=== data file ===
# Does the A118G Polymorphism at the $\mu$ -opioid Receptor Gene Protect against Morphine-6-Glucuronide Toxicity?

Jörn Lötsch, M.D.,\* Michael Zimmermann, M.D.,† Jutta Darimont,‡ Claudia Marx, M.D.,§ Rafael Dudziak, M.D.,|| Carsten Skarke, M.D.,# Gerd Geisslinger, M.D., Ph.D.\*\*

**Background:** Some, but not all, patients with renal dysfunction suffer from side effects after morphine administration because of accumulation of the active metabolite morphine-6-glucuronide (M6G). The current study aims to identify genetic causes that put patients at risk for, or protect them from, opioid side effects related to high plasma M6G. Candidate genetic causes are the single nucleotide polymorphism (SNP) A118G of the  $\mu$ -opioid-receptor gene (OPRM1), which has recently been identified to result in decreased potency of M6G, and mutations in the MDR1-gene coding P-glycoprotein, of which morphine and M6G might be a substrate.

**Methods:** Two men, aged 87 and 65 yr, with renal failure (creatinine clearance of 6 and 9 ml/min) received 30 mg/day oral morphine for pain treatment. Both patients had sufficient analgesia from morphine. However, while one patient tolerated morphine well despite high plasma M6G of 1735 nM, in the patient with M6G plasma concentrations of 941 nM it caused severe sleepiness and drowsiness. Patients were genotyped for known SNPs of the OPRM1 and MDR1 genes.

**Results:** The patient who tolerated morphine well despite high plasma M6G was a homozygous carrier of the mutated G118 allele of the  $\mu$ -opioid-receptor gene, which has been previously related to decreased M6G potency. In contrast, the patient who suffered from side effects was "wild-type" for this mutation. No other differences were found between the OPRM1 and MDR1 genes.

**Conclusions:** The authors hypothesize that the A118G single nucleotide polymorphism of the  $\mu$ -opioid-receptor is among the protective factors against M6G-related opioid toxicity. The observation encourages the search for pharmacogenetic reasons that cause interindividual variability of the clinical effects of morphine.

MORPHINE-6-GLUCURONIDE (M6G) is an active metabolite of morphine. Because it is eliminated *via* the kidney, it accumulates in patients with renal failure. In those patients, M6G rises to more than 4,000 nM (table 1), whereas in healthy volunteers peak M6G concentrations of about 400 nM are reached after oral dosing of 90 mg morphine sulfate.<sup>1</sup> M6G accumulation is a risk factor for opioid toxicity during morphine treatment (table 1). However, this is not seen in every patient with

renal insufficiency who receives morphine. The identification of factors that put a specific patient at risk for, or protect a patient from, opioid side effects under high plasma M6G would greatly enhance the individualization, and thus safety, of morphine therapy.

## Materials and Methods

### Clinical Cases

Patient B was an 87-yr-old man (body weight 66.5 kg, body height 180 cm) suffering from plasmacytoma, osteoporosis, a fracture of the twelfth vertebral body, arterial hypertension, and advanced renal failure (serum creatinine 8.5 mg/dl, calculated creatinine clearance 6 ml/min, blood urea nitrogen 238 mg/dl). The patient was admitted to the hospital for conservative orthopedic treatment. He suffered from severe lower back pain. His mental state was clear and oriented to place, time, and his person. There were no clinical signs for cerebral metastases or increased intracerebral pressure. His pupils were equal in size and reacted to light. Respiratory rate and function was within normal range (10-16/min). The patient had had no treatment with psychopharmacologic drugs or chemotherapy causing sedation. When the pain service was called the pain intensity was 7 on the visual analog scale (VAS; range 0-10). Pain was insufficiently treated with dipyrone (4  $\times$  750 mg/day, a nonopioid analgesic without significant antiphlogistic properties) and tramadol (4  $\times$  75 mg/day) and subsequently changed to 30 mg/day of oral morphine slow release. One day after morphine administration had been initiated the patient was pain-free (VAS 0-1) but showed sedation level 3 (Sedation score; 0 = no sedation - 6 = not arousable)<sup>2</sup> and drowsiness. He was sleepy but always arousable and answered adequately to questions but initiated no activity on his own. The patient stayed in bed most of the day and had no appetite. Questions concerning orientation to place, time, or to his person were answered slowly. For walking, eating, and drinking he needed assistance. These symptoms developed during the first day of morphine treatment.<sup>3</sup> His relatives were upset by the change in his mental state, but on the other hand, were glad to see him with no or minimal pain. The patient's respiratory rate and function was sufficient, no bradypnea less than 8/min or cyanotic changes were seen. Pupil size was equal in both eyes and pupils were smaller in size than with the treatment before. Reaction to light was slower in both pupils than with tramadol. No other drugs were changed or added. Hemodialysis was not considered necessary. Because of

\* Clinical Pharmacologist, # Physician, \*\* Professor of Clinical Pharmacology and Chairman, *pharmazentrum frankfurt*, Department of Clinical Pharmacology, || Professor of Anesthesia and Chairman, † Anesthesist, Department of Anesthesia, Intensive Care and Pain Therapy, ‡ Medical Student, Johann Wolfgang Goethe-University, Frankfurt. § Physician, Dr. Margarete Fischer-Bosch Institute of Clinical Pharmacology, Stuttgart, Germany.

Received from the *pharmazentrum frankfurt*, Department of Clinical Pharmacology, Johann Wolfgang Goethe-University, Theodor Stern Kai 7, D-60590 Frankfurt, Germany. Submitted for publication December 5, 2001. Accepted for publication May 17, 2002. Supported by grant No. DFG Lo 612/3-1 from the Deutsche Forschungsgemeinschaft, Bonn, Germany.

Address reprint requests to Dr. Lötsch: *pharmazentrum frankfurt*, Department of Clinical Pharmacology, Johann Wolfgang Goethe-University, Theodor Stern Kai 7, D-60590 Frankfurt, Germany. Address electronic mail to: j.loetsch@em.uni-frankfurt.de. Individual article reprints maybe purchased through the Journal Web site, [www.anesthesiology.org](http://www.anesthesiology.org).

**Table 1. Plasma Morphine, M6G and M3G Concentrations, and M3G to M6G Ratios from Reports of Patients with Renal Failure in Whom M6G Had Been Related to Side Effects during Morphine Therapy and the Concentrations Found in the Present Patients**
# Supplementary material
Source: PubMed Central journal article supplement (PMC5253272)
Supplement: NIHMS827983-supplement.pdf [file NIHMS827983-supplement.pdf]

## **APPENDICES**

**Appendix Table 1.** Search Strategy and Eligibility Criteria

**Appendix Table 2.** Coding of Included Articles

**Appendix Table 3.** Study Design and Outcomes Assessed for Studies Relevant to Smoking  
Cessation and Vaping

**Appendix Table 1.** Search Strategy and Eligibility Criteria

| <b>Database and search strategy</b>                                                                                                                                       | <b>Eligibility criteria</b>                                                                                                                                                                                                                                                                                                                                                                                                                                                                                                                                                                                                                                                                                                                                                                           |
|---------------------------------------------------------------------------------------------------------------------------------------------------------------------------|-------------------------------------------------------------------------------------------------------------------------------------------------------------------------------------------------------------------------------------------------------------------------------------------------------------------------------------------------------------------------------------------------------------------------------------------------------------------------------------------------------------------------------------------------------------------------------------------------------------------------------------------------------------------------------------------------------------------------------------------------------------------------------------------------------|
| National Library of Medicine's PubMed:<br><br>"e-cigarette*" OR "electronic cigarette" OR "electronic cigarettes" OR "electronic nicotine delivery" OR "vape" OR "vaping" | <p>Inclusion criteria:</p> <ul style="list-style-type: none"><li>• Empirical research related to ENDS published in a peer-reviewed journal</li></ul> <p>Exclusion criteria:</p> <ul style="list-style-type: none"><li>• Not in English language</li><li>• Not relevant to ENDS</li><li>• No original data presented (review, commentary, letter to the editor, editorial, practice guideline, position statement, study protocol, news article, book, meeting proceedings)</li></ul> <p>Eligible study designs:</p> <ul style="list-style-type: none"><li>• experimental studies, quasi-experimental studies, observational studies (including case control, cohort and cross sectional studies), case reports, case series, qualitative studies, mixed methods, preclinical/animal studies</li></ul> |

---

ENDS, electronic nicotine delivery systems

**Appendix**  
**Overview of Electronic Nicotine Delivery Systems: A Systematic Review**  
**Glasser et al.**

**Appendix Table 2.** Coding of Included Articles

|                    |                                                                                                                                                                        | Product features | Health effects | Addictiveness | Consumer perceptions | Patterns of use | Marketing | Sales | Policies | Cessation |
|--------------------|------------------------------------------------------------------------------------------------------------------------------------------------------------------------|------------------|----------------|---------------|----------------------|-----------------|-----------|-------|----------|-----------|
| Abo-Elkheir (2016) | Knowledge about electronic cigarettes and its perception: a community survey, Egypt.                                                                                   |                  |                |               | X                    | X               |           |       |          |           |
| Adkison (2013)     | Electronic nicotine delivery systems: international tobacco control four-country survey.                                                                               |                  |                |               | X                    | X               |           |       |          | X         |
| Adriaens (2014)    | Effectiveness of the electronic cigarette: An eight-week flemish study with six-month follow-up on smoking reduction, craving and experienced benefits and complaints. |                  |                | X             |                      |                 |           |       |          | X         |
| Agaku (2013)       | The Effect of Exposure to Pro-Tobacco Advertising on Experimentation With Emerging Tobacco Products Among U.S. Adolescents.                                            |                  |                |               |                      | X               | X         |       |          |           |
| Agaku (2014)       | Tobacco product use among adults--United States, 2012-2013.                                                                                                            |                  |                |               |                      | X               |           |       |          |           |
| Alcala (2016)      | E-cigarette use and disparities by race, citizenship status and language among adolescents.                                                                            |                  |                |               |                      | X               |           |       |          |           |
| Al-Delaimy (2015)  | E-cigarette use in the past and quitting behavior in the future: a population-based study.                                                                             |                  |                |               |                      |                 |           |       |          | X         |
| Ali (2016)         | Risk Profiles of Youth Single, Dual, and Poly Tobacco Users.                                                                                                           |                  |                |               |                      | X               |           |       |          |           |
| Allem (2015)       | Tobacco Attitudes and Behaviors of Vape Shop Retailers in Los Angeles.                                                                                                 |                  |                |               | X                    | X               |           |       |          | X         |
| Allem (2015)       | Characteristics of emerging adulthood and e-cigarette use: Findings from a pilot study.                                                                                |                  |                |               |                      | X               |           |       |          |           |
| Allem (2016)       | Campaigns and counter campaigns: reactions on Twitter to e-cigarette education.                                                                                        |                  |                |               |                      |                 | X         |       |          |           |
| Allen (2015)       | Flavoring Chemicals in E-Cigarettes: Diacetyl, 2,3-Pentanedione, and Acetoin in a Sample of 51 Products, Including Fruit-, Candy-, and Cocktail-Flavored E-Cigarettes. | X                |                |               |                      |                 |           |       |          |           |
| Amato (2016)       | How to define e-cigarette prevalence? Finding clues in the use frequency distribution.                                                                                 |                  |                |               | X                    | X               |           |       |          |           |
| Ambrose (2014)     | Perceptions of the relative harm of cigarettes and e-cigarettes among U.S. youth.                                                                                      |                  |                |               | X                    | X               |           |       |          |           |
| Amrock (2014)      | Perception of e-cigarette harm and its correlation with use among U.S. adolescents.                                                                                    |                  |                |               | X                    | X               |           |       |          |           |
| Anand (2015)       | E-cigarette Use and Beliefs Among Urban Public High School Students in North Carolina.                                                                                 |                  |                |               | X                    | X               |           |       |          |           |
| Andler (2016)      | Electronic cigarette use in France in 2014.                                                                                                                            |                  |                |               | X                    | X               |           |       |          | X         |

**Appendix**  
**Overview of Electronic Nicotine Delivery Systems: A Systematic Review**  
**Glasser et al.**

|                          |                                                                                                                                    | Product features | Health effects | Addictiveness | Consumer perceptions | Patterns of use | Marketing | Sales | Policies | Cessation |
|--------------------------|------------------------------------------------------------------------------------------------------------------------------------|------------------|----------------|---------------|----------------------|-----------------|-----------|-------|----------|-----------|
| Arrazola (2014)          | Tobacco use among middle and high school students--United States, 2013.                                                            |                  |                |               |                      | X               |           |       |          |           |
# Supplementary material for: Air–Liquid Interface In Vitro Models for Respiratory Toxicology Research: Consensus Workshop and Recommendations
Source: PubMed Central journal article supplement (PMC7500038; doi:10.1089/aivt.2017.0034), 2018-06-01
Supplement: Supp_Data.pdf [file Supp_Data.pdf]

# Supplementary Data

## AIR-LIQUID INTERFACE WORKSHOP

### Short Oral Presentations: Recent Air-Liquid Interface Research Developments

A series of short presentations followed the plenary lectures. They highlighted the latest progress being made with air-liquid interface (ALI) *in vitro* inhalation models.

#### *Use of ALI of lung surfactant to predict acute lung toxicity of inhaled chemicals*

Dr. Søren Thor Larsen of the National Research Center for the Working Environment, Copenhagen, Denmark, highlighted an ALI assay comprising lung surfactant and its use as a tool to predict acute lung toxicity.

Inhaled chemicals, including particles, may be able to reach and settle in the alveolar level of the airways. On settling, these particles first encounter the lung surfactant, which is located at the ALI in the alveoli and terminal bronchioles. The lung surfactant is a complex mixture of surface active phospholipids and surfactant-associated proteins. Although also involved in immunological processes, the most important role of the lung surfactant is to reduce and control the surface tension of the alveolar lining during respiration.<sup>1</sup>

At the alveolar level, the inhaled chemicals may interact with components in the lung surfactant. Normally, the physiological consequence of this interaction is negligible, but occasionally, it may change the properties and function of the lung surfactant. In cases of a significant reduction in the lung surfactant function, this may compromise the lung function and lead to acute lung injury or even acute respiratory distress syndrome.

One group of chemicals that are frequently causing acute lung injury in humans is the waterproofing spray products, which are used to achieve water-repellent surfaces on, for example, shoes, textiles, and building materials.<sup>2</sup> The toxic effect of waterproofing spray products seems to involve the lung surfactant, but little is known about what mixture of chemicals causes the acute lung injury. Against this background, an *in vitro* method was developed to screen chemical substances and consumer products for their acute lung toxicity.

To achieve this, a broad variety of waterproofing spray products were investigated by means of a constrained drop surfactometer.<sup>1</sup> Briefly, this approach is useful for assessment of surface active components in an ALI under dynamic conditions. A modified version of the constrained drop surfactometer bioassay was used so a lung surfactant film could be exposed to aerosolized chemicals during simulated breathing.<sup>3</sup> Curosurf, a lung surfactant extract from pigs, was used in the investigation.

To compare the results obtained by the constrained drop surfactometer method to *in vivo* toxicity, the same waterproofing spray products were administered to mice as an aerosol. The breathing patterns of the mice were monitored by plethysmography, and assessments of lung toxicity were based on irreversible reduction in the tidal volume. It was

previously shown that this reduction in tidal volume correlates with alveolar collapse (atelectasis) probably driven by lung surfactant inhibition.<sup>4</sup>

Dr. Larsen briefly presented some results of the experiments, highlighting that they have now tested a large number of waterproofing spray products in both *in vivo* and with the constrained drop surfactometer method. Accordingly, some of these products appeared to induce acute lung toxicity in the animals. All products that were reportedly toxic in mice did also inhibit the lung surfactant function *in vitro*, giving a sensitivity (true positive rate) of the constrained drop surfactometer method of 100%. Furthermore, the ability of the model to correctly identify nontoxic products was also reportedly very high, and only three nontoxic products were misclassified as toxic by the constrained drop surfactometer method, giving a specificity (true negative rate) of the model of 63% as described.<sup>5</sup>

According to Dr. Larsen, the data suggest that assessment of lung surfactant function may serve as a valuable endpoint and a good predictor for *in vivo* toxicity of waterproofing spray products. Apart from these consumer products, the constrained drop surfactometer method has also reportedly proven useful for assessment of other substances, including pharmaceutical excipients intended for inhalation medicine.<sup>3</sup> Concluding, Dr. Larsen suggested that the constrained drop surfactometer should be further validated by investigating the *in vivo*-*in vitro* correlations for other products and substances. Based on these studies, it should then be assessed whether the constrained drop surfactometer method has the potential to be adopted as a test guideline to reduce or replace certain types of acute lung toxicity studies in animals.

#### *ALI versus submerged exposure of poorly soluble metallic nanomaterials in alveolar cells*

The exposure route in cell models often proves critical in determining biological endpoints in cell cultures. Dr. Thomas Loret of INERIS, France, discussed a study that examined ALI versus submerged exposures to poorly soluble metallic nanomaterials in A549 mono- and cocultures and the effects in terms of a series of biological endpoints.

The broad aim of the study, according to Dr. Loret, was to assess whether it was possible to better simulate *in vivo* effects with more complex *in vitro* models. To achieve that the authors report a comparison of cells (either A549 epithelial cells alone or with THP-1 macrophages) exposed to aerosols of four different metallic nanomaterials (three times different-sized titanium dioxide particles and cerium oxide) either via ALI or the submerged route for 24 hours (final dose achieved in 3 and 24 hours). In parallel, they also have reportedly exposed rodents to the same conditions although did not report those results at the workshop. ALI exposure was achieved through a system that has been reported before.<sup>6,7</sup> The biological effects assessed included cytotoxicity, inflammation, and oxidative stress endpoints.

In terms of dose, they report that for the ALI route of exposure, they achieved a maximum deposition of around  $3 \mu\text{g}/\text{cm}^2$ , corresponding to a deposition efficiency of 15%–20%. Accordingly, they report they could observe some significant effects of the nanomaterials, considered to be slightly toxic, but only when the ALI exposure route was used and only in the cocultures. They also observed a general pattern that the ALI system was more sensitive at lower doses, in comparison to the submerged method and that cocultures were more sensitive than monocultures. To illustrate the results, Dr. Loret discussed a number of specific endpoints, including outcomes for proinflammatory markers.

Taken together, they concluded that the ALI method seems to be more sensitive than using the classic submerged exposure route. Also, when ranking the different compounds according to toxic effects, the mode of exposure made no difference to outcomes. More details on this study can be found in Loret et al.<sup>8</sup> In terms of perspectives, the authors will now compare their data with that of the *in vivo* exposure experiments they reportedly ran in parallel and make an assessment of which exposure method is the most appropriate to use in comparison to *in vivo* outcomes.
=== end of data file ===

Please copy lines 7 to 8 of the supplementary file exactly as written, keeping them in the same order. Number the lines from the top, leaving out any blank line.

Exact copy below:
MORPHINE-6-GLUCURONIDE (M6G) is an active metabolite of morphine. Because it is eliminated *via* the kidney, it accumulates in patients with renal failure. In those patients, M6G rises to more than 4,000 nM (table 1), whereas in healthy volunteers peak M6G concentrations of about 400 nM are reached after oral dosing of 90 mg morphine sulfate.<sup>1</sup> M6G accumulation is a risk factor for opioid toxicity during morphine treatment (table 1). However, this is not seen in every patient with

renal insufficiency who receives morphine. The identification of factors that put a specific patient at risk for, or protect a patient from, opioid side effects under high plasma M6G would greatly enhance the individualization, and thus safety, of morphine therapy.